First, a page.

United States District Court, D. Connecticut
RULING DENYING POST-TRIAL MOTIONS
JEFFREY ALKER MEYER, District Judge.
moves for judgment of acquittal pursuant to Fed. R. Crim. P.
29(c) and for a new trial pursuant to Fed. R. Crim. P. 33.
For the reasons set forth below, I will deny both motions.
was charged with multiple federal crimes arising from his
extensive financial dealings with friends and others whom he
persuaded to give him money in return for astronomically high
short-term rates of return. The core of the Government's
case was that defendant fraudulently misled people about the
purposes for which he was using the money and that he
perpetuated the fraud in a Ponzi-like fashion by repaying
people in order to encourage them to give him still more
funds under similar fraudulent pretenses. Following an
extended jury trial in November 2015, the jury convicted
defendant on many of the charges, including six counts of
federal wire fraud and one count of money laundering.
standard governing the Court's review of defendant's
motion for a judgment of acquittal pursuant to Fed. R. Crim.
P. 29 is well established. The Court must review the evidence
in the light most favorable to the prosecution and sustain
the jury's verdict if any rational trier of fact could
have found the evidence sufficient to establish the elements
of each crime beyond a reasonable doubt. See
United States v. Brock, 789 F.3d 60, 63 (2d Cir.
2015) ( citing Jackson v. Virginia, 443
U.S. 307, 319 (1979)). "The established safeguards of
the Anglo-American legal system leave the veracity of a
witness to be tested by cross-examination, and the
credibility of his testimony to be determined by a properly
instructed jury." Hoffa v. United States, 385
U.S. 293, 311 (1966).
defendant's motion for new trial pursuant to Fed. R.
Crim. P. 33, the Court may set aside a jury verdict and order
a new trial to avert a perceived miscarriage of justice.
See United States v. Truman, 688 F.3d 129,
141 (2d Cir. 2012). "Because the courts generally must
defer to the jury's resolution of conflicting evidence
and assessment of witness credibility, [i]t is only where
exceptional circumstances can be demonstrated that the trial
judge may intrude upon the jury function of credibility
assessment, " such as "where testimony is patently
incredible or defies physical realities." United
States v. McCourty, 562 F.3d 458, 475-76 (2d Cir. 2009).
advances five grounds for his motions. First, he contends
that the evidence was insufficient to support the jury
verdict on Count 14 for money laundering. Doc. #140 at 4-7.
This argument lacks merit for all the reasons advanced in the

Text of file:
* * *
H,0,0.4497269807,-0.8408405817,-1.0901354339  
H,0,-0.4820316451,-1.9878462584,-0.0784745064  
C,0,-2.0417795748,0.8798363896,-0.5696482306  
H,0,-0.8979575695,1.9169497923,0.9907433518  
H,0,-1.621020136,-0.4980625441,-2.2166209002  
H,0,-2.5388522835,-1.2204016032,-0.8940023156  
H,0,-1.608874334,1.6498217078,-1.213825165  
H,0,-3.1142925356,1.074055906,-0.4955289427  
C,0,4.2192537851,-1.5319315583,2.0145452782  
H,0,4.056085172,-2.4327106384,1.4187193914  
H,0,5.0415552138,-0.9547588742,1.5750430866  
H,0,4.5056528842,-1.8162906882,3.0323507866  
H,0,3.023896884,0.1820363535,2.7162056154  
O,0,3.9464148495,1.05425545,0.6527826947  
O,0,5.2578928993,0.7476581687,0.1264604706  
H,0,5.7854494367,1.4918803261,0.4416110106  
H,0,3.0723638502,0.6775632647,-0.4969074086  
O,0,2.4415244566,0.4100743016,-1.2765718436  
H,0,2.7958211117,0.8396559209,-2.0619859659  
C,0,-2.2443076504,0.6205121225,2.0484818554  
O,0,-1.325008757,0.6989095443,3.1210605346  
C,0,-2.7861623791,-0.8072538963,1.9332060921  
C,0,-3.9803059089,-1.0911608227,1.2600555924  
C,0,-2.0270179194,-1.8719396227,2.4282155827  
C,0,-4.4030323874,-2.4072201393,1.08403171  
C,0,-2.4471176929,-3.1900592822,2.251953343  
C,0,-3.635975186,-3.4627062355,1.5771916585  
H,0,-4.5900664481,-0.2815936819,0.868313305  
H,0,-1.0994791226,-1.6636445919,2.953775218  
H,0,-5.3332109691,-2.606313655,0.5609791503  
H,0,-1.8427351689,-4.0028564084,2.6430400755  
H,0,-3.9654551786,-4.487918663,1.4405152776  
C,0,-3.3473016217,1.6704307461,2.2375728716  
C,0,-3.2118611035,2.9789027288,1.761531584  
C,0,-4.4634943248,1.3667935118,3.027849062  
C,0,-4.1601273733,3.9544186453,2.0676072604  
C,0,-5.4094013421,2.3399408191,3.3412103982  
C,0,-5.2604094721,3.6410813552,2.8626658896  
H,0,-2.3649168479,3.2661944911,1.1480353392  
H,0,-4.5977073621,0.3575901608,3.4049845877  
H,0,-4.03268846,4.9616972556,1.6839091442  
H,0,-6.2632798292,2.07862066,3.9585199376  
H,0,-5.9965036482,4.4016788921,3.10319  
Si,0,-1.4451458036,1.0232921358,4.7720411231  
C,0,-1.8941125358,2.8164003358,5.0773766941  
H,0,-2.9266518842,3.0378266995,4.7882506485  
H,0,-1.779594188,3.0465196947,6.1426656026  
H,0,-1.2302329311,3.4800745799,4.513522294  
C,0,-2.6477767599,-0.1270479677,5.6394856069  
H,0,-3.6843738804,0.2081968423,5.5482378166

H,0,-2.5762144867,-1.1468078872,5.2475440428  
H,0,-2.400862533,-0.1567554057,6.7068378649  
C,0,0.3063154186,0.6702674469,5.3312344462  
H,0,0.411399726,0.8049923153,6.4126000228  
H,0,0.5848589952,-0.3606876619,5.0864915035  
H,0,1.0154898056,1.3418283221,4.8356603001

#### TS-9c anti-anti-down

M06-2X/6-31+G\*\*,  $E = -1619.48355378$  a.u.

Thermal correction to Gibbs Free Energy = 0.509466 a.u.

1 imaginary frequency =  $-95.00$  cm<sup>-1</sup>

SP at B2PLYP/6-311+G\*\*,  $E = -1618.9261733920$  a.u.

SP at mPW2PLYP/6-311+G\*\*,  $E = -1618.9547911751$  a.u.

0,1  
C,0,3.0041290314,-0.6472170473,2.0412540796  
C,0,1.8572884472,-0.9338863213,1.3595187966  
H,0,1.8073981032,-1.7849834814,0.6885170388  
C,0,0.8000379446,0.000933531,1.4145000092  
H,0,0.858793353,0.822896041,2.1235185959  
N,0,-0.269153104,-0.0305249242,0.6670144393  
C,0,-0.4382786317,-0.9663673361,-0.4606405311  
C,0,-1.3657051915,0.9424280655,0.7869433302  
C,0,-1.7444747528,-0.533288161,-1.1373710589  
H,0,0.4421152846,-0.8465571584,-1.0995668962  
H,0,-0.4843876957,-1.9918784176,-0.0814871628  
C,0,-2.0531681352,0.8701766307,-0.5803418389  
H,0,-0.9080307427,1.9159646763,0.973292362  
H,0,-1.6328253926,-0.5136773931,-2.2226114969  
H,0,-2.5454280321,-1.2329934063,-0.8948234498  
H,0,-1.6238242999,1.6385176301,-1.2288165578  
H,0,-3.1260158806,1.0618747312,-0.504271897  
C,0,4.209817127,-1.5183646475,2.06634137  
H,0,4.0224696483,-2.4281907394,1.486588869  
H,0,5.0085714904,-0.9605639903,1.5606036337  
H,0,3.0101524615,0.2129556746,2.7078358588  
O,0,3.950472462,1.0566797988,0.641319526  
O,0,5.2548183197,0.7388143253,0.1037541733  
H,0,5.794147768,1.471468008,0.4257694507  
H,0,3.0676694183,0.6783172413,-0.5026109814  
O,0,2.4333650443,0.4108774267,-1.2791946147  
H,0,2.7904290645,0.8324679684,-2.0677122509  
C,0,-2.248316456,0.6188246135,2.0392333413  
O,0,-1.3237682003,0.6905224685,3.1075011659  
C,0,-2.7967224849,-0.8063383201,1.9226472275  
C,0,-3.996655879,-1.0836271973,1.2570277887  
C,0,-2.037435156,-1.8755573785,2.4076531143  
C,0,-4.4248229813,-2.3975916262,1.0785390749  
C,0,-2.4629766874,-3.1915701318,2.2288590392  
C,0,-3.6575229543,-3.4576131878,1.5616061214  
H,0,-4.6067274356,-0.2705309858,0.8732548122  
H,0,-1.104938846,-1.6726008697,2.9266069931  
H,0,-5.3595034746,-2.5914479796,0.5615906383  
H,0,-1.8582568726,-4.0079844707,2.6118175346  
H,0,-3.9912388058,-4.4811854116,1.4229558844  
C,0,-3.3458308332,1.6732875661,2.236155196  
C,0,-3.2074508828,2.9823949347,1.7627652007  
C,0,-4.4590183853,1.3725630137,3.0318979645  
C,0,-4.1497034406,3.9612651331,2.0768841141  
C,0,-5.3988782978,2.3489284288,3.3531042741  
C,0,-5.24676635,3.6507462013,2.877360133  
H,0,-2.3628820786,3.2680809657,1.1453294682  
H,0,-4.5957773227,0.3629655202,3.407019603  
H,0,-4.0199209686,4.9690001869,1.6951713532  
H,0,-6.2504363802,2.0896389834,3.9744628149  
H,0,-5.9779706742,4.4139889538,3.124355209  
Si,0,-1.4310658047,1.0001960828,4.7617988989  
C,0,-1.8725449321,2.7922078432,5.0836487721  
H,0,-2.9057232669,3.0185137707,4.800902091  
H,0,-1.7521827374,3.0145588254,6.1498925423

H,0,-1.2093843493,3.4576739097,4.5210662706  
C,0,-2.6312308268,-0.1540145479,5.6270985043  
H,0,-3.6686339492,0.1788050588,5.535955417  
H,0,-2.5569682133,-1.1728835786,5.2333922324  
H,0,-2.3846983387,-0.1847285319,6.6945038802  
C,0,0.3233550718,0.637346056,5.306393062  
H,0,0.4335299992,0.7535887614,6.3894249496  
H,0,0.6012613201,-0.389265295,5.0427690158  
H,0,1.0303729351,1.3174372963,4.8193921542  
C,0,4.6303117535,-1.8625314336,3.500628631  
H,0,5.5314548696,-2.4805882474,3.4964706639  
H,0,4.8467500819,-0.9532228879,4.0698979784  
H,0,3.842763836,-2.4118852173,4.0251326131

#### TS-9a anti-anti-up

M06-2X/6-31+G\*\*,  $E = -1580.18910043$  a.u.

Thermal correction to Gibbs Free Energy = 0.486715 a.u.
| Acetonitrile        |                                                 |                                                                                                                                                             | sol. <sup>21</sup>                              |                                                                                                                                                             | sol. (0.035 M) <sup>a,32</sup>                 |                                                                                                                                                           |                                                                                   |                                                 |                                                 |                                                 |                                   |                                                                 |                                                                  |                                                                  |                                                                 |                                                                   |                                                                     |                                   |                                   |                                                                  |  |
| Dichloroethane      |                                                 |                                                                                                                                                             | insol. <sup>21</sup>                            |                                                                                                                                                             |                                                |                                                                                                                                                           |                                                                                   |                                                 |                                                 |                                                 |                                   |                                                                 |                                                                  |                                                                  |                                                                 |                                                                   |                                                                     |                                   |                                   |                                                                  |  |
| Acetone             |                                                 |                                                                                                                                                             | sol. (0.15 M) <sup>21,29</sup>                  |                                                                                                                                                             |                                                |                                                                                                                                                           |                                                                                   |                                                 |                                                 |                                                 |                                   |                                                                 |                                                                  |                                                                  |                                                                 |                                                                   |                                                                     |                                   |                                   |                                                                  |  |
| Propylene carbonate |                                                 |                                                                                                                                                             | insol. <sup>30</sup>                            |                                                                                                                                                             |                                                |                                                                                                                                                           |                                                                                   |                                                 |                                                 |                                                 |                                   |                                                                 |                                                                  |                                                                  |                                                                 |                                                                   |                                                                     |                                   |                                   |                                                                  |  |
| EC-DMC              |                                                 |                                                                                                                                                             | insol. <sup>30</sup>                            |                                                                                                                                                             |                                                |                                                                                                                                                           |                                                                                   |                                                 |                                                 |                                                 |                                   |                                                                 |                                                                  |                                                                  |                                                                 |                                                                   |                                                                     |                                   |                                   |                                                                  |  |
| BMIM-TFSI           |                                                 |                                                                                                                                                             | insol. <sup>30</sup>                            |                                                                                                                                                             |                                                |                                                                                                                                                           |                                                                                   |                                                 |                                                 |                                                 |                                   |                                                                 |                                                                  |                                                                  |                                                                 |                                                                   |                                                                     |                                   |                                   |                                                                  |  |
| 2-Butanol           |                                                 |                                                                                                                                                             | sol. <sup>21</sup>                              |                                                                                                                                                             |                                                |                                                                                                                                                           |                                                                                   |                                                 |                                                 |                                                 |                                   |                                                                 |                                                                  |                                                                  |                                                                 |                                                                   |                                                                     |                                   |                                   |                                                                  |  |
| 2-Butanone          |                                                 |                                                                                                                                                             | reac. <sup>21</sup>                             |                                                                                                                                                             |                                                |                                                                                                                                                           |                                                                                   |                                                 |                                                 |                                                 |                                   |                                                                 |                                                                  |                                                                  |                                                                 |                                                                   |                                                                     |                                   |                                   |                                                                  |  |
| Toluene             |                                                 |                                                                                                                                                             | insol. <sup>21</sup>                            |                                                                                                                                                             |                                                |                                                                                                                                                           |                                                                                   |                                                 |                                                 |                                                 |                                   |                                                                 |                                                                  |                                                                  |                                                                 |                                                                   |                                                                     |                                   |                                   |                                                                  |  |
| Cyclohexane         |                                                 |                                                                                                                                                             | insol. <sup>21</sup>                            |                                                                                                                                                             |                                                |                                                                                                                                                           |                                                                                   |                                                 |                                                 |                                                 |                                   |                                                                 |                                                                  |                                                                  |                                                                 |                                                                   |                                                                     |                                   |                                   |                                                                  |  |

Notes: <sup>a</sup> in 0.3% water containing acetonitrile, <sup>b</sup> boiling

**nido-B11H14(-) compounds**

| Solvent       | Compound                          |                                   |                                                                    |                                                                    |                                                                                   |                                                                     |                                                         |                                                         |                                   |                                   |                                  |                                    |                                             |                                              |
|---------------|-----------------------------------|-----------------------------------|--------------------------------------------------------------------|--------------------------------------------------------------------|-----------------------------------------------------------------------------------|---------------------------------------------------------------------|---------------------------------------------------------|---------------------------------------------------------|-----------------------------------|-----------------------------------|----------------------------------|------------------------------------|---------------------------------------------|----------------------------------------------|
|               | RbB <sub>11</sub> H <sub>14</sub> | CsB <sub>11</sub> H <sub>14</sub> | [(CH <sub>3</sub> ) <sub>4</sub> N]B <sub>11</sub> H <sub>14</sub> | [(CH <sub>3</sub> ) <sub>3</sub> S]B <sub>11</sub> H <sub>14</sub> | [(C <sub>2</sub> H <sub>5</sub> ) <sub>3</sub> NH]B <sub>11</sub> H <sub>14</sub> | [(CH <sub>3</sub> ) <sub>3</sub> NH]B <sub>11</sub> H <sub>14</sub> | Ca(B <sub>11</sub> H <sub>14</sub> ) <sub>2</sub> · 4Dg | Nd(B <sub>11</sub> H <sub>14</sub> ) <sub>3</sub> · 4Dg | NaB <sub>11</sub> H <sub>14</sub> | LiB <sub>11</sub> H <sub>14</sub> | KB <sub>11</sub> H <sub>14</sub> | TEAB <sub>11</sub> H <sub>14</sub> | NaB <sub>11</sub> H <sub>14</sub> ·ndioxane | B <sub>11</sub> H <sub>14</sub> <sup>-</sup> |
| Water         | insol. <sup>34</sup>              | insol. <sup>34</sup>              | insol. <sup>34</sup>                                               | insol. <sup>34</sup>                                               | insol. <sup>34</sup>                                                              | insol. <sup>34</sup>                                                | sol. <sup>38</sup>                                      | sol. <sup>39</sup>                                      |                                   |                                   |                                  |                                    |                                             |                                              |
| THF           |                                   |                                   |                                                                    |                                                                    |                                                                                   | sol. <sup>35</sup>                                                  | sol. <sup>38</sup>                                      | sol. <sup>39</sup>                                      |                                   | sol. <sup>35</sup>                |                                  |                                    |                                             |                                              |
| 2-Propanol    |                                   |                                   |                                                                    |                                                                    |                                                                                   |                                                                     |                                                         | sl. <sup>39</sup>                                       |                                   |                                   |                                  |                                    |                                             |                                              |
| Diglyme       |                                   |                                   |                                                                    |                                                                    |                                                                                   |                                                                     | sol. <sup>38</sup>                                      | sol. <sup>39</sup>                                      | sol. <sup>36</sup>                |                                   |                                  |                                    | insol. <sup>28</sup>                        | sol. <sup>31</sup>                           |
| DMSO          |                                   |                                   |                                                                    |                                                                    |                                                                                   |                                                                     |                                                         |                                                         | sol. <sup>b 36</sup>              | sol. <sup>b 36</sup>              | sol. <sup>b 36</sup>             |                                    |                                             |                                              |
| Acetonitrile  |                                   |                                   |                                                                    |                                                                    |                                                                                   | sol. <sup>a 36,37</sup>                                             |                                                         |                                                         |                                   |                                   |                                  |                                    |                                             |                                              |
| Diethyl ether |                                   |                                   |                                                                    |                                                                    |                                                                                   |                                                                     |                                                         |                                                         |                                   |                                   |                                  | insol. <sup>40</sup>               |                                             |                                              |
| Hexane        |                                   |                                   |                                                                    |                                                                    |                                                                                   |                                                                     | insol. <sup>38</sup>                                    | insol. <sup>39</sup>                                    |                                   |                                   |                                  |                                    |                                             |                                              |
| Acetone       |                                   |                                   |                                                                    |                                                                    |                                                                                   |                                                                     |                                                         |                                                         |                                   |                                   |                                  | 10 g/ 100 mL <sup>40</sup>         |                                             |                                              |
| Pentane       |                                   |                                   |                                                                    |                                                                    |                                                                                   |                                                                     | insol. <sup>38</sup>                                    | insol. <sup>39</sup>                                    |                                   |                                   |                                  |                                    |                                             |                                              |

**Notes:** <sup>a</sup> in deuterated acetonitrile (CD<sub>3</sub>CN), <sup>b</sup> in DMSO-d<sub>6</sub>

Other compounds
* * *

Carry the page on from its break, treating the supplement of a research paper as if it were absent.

Government's opposition memorandum. The money laundering
transaction at issue involved defendant's purchase of jet
skis for $21, 900. Although defendant claims that "the
jury could not have known what the form of the illegal
activity was, and [that] there was no prior finding of wire
fraud in the verdict, " Doc. #140 at 7, the evidence at
trial was clear beyond cavil that this transaction was almost
entirely funded by $50, 000 in funds that defendant received
from Rosemary Paccione-Burke in the course of a transaction
that was itself the subject of the wire fraud conviction
under Count 6 of the indictment. Doc. #152 at 24-27
(summarizing evidence). The evidence was clearly sufficient
to support the jury's verdict on the money laundering
charge set forth in Count 14.
defendant faults the Court for failing to make a
Bourjaily/Geaney finding to support the
admissibility of co-conspirator statements adduced through
the testimony of John Wrobel. Doc. #140 at 7-9; see
also Bourjaily v. United States, 483 U.S. 171
(1987); United States v. Geaney, 417 F.2d 1116 (2d
Cir. 1969). This argument also lacks merit for all the
reasons advanced by the Government in its opposition
memorandum. Defendant fails to identify any particular
statement by Wrobel that would only have been admissible for
its truth as a co-conspirator statement pursuant to
Fed.R.Evid. 801(d)(2)(E). Although defendant complains that
"the government offered the testimony of John Wrobel who
testified to numerous hearsay statements from Ian Bick,
" Doc. #140 at 9, this contention misses the point that
any statements by defendant Ian Bick would have been
independently admissible as statements of a party opponent